Episode #3 – Economic Systems and Macroeconomics, Part 3

Do Markets Get Things Wrong?

In addition to the government’s role in providing services, the government also regulates sectors of the economy.  Crash Course explains the need for this because sometimes “Markets get things wrong”:

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The government sometimes steps in when markets get things wrong…We consumers…are not worried about air pollution.  We don’t think much about who made our car, what they were paid, and what the conditions of the factory were like.

Here the audience is given examples of where the government intervenes, but less explanation into what it means for the market to get it wrong.  I assume that this means that without government regulation, companies would pollute more, people would be paid less, and working conditions would be worse.

A Note about Pollution: I don’t think any economist of any school would argue that businesses should be able to pollute as much as they want as a part of economics.  Pollution involves a party’s violation of property rights of the surrounding areas, and even if businesses weren’t specifically regulated, victims would still have legal tort claims for violation of their property rights.

Nonetheless, would factory pay conditions be worse without government regulation?  It’s hard to say, but we do know a few things.  For example, since the main business regulating agency, The Occupational and Health Administration, was created, workplace injuries have reduced, but let’s look at statistics from before OSHA was created:

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Workplace standards increase over time even without regulation.  But still, what if the current workplace environment is not up to your personal standards?  You want to intervene in the contract between two consenting parties to make terms better for one side.  What is the cost?  Let’s quote Crash Course on this:

In the words of Thomas Sowell “There are no solutions, only trade offs.”  We’re going to have to give something up in order to do it. 

Mandatory higher wages and increased working conditions are no different.  Increased cost on the manufacturer will likely result in fewer jobs and higher prices.  Would you rather have two people working in conditions worse than you’d like, or would you rather have one person without the means to support herself?  This is a political question, not an economic one.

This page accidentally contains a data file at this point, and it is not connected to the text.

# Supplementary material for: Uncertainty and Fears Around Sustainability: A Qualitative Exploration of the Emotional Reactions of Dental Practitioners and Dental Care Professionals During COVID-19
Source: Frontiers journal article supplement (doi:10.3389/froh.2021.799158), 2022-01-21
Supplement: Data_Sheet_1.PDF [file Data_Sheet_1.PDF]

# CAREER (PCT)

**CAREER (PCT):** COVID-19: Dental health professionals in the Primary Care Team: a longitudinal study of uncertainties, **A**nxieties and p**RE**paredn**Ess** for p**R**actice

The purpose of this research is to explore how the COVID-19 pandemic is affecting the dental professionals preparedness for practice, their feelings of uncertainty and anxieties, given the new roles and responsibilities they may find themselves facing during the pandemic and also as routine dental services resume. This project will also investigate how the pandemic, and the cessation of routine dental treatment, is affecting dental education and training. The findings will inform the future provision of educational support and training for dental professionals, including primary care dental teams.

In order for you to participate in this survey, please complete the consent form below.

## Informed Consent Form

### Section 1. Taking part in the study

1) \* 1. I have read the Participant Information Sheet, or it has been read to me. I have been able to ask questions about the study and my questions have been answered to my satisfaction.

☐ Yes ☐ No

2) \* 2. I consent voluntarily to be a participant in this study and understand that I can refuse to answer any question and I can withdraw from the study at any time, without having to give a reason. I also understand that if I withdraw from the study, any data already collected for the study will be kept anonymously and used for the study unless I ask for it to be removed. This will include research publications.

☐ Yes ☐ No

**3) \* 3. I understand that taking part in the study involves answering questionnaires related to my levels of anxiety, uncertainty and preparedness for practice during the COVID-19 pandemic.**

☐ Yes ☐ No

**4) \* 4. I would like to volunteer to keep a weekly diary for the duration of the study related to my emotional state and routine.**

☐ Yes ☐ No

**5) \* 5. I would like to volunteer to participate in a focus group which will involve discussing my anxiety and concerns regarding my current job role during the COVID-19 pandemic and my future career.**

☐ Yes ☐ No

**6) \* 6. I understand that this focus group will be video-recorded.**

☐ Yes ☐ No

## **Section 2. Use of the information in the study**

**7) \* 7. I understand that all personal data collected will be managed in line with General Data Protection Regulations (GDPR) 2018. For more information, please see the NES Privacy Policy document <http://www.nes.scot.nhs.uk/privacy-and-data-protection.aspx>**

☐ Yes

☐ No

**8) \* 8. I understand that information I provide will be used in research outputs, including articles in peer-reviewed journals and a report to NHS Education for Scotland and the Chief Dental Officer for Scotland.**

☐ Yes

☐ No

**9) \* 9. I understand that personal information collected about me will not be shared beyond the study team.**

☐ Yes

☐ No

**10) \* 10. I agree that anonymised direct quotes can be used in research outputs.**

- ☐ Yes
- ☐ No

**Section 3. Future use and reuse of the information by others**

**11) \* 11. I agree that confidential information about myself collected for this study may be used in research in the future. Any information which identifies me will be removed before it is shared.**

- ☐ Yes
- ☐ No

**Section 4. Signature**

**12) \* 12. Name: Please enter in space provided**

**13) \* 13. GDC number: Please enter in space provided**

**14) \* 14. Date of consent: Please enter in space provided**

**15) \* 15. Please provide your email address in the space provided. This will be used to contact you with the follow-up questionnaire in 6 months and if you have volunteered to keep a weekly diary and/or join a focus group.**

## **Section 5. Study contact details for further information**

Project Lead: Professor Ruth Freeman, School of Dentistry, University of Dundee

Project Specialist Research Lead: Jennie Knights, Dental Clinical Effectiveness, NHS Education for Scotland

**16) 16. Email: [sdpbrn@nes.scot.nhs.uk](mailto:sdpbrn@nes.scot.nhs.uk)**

Crash Course eventually acknowledges these trade offs, although it is after they describe the need for government intervention to address when “markets get things wrong.”  Calling anything a “wrong” shows personal opinion, so I wouldn’t recommend using that terminology.  Instead, the market is the starting point, from which any legislator needs to understand the trade offs of government intervention.

One thought on “Episode #3 – Economic Systems and Macroeconomics, Part 3”

  1. Another excellent and well-balanced review (I feel like you’re holding back personal opinion for the sake of objective criticism). I agree with you when you say that this episode gave a well structured overview on free markets versus planned economies and your criticism is correct as well.

    One thing I would add: In the beginning, Adrienne proclaimed that “We, as a social order, have to figure out three things: what to produce, how to produce it and who gets it”. By putting it this way, it seems like these decision have to be taken by some central entitiy, steering the economy, or at least, that there has to be a consensus as to which direction we are going. She fails to point out, that these decisions are contiuously taken by millions of individuals who don’t necessarily agree on each others choices.
    On a less serious note:
    I found it quite curious that in the representation of the circular flow of money in the economy (6:40), for some reason, the arrows with the dollar signs only go from the government to households and businesses, not the other way around.

    Keep the criticism coming!

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